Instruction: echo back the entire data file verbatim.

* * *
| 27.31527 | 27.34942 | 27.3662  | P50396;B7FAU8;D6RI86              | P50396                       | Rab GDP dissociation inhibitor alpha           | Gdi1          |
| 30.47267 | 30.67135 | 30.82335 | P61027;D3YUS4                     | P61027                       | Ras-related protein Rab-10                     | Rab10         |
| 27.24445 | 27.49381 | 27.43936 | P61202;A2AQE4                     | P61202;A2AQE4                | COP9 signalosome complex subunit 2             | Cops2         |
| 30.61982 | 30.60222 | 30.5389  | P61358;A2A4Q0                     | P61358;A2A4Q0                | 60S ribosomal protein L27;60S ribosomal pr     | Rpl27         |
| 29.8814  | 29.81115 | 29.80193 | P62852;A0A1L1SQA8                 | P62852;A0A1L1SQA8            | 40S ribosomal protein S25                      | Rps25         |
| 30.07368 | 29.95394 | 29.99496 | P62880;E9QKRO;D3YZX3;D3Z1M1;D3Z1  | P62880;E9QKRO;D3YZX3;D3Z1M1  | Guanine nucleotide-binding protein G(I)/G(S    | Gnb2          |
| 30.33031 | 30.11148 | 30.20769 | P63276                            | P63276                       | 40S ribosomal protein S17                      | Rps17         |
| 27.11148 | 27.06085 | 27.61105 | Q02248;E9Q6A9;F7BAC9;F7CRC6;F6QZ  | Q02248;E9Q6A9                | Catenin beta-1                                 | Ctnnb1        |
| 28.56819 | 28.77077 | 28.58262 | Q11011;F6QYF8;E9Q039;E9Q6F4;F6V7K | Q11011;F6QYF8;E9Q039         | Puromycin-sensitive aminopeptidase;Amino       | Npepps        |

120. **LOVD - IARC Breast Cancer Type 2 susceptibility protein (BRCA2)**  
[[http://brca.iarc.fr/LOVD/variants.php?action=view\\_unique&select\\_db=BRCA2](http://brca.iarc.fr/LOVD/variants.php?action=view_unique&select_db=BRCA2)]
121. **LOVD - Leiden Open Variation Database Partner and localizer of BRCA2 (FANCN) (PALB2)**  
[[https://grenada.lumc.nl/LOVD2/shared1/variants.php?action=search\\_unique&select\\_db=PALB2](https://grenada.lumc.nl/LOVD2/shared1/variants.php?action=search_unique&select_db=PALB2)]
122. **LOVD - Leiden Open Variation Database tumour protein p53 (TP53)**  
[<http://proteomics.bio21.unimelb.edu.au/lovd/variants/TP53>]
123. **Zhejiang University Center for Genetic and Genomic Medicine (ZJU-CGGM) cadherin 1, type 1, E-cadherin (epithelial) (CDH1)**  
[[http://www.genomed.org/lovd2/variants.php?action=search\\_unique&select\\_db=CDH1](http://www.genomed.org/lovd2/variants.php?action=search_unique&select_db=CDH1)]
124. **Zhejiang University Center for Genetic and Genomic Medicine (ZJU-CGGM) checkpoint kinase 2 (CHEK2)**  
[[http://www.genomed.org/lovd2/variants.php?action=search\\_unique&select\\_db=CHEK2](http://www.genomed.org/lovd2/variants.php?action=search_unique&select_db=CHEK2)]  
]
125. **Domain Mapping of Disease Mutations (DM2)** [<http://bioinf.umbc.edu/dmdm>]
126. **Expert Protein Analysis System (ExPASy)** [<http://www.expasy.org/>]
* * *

| 27.31527 | 27.34942 | 27.3662  | P50396;B7FAU8;D6RI86              | P50396                       | Rab GDP dissociation inhibitor alpha           | Gdi1          |
| 30.47267 | 30.67135 | 30.82335 | P61027;D3YUS4                     | P61027                       | Ras-related protein Rab-10                     | Rab10         |
| 27.24445 | 27.49381 | 27.43936 | P61202;A2AQE4                     | P61202;A2AQE4                | COP9 signalosome complex subunit 2             | Cops2         |
| 30.61982 | 30.60222 | 30.5389  | P61358;A2A4Q0                     | P61358;A2A4Q0                | 60S ribosomal protein L27;60S ribosomal pr     | Rpl27         |
| 29.8814  | 29.81115 | 29.80193 | P62852;A0A1L1SQA8                 | P62852;A0A1L1SQA8            | 40S ribosomal protein S25                      | Rps25         |
| 30.07368 | 29.95394 | 29.99496 | P62880;E9QKRO;D3YZX3;D3Z1M1;D3Z1  | P62880;E9QKRO;D3YZX3;D3Z1M1  | Guanine nucleotide-binding protein G(I)/G(S    | Gnb2          |
| 30.33031 | 30.11148 | 30.20769 | P63276                            | P63276                       | 40S ribosomal protein S17                      | Rps17         |
| 27.11148 | 27.06085 | 27.61105 | Q02248;E9Q6A9;F7BAC9;F7CRC6;F6QZ  | Q02248;E9Q6A9                | Catenin beta-1                                 | Ctnnb1        |
| 28.56819 | 28.77077 | 28.58262 | Q11011;F6QYF8;E9Q039;E9Q6F4;F6V7K | Q11011;F6QYF8;E9Q039         | Puromycin-sensitive aminopeptidase;Amino       | Npepps        |

120. **LOVD - IARC Breast Cancer Type 2 susceptibility protein (BRCA2)**  
[[http://brca.iarc.fr/LOVD/variants.php?action=view\\_unique&select\\_db=BRCA2](http://brca.iarc.fr/LOVD/variants.php?action=view_unique&select_db=BRCA2)]
121. **LOVD - Leiden Open Variation Database Partner and localizer of BRCA2 (FANCN) (PALB2)**  
[[https://grenada.lumc.nl/LOVD2/shared1/variants.php?action=search\\_unique&select\\_db=PALB2](https://grenada.lumc.nl/LOVD2/shared1/variants.php?action=search_unique&select_db=PALB2)]
122. **LOVD - Leiden Open Variation Database tumour protein p53 (TP53)**  
[<http://proteomics.bio21.unimelb.edu.au/lovd/variants/TP53>]
123. **Zhejiang University Center for Genetic and Genomic Medicine (ZJU-CGGM) cadherin 1, type 1, E-cadherin (epithelial) (CDH1)**  
[[http://www.genomed.org/lovd2/variants.php?action=search\\_unique&select\\_db=CDH1](http://www.genomed.org/lovd2/variants.php?action=search_unique&select_db=CDH1)]
124. **Zhejiang University Center for Genetic and Genomic Medicine (ZJU-CGGM) checkpoint kinase 2 (CHEK2)**  
[[http://www.genomed.org/lovd2/variants.php?action=search\\_unique&select\\_db=CHEK2](http://www.genomed.org/lovd2/variants.php?action=search_unique&select_db=CHEK2)]  
]
125. **Domain Mapping of Disease Mutations (DM2)** [<http://bioinf.umbc.edu/dmdm>]
126. **Expert Protein Analysis System (ExPASy)** [<http://www.expasy.org/>]